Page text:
Triumphant return for Conlon with OSM

James Conlon
Montreal Gazette

By Wah Keung Chan

Following last year's success in Shostakovich's Fifth Symphony, American conductor James Conlon made a triumphant return to the Orchestre symphonique de Montréal in a program of Wagner, Schumann and Dvorák.

It was the Conlon OSM duo's first pairing at Maison symphonique and the romantic repertoire showed why the hall is such an improvement. Conlon brought lush and enveloping sounds from the orchestra. Seated in row W of the parterre, I found this live experience better than listening to the home sound system.

The orchestra has settled on a winning stage setup; like the January Mahler concert, the risers were pushed back for winds, brass and timpani, while the strings were arranged with violins on the left, cellos in the centre and violas and bass section on the right.

The main success of the evening was Dvorak's 40-minute Seventh Symphony in D minor, opus 70 following the intermission. The Seventh Symphony was composed in 1885, months after hearing Brahms's Third Symphony, as a commission from the Royal Philharmonic Society in London, which had bestowed the composer honorary membership on the occasion.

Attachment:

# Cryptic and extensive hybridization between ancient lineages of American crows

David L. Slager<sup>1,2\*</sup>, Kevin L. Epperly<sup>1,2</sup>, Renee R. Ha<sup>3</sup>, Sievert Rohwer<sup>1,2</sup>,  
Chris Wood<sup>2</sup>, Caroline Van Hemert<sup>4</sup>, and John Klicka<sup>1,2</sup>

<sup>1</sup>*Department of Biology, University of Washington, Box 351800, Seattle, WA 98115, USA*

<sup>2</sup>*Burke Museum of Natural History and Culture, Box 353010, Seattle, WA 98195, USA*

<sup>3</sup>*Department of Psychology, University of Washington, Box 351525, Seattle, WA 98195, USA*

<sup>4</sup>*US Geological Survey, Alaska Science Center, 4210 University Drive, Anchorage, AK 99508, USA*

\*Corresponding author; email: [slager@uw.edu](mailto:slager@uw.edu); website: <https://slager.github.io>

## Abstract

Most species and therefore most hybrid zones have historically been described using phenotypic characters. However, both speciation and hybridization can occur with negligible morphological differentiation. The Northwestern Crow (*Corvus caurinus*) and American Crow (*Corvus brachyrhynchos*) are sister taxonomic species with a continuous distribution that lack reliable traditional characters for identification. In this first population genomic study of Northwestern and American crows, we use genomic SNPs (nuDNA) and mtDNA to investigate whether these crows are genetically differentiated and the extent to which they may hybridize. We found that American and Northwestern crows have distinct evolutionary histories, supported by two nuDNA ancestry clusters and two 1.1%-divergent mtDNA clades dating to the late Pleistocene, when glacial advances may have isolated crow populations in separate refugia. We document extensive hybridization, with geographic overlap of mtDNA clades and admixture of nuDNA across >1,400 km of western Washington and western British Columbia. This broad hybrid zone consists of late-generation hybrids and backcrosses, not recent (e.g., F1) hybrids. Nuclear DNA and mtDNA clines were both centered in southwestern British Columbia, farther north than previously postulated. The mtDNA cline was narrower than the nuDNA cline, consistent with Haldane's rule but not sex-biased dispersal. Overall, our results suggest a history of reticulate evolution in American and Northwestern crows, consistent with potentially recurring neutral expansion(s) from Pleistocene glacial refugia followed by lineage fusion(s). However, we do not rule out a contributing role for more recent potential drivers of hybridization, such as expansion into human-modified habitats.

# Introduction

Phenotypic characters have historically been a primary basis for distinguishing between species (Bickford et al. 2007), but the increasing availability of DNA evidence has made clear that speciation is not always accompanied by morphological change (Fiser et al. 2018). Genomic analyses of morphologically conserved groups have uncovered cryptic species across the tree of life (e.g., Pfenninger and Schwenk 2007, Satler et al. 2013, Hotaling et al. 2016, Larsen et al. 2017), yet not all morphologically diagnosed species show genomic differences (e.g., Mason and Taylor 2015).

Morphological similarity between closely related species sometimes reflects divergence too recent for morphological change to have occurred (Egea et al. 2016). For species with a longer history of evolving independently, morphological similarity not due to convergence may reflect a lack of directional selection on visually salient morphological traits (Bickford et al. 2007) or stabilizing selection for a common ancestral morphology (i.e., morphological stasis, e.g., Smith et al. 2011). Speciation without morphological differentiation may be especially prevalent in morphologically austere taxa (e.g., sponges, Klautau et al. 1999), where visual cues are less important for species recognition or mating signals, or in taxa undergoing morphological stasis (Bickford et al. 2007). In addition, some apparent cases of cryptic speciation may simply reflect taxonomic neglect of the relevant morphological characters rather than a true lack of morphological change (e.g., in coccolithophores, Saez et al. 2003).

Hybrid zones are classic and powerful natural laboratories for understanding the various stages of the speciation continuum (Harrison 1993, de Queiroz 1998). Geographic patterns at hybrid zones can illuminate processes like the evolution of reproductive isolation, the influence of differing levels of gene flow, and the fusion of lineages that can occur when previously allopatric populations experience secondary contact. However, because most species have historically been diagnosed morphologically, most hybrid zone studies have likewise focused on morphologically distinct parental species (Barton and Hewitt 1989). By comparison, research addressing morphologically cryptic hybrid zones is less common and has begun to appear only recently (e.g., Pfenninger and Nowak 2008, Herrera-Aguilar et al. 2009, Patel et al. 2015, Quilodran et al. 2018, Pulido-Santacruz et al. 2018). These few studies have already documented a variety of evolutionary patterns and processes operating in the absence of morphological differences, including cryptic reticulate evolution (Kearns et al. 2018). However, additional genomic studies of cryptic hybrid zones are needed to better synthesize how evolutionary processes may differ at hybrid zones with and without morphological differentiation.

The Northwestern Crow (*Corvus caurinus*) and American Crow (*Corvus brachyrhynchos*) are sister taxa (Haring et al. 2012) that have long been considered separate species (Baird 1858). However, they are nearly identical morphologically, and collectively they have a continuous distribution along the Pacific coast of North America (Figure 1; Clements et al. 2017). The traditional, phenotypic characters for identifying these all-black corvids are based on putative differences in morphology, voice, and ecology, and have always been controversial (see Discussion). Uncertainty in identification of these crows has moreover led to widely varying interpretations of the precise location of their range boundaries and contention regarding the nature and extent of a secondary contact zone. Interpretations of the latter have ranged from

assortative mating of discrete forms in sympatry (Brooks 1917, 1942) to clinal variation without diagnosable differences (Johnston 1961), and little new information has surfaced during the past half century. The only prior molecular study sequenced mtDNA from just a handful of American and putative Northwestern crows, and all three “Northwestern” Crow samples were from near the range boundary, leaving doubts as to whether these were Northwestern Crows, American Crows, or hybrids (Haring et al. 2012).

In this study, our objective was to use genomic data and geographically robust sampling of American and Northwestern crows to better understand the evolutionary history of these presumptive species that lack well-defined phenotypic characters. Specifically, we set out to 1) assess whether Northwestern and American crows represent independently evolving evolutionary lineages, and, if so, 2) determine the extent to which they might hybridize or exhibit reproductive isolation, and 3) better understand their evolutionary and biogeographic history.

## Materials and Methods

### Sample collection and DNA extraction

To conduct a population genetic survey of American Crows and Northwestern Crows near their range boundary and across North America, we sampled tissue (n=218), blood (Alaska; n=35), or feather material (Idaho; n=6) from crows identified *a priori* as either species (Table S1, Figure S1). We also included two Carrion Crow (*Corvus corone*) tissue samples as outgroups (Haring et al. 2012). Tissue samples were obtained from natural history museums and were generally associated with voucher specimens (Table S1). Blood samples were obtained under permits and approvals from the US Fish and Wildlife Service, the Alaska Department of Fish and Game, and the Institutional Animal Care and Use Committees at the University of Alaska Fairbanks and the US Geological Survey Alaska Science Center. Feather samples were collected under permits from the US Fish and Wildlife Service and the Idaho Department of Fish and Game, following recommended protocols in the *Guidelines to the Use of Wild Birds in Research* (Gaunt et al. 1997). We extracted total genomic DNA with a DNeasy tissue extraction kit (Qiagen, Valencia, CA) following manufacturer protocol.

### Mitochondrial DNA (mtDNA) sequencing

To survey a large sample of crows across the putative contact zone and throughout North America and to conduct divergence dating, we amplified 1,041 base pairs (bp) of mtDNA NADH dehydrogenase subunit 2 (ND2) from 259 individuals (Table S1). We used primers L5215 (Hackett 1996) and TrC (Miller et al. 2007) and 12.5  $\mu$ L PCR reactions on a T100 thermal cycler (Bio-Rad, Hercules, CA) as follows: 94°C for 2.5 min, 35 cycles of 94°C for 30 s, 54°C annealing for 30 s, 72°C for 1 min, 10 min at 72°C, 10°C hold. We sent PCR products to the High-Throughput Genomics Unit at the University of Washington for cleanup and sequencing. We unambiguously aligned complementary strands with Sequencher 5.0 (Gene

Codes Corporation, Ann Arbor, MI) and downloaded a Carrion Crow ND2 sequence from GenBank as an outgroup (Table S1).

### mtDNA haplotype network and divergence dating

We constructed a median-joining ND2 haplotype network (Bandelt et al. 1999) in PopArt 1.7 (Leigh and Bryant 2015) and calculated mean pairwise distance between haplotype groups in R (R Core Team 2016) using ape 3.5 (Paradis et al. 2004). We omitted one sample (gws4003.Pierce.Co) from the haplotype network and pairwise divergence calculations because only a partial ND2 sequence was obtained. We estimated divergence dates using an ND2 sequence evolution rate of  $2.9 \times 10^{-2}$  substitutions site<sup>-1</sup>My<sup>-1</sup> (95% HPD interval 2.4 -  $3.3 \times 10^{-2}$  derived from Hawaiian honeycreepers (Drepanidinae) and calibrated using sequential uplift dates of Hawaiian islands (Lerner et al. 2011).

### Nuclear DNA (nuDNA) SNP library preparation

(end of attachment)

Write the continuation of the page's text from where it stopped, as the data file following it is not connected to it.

Conducting from memory, Conlon brought intensity to Dvorak's monumental work. The first movement is filled with many melodies and the different sections of the OSM were able to shine. The winds and horns excelled in the slow second movement, which Conlon shaped in a beautiful arc. The most memorable part of the symphony is the striking motives of the third movement, which Conlon derived sharp articulations from the strings. The energy carried over to the Allegro finale in a sweeping enveloping performance, earning the maestro three standing ovations.

The concert, however, took a few minutes to get up to speed. From the very opening of the prelude to Wagner's Die Meistersinger von Nürnberg, it felt like this work was under rehearsed. The orchestra played sluggishly and ensemble coherence was off. However, in the second section, which called for more clarity in the strings, Conlon brought the group together, showing off his mastery of Wagner's music.

Schumann's Piano Concerto in A minor, featuring Canadian pianist Alain Lefèvre, also got the similar treatment. Here, Lefèvre was a bit sloppy in his aggressive approach to the Allegro maestoso first movement. However, in the slow second movement, Lefèvre managed to bring back clarity, especially in the galloping passages. The interplay between Lefèvre and Conlon effectively carried the third movement to a rousing end.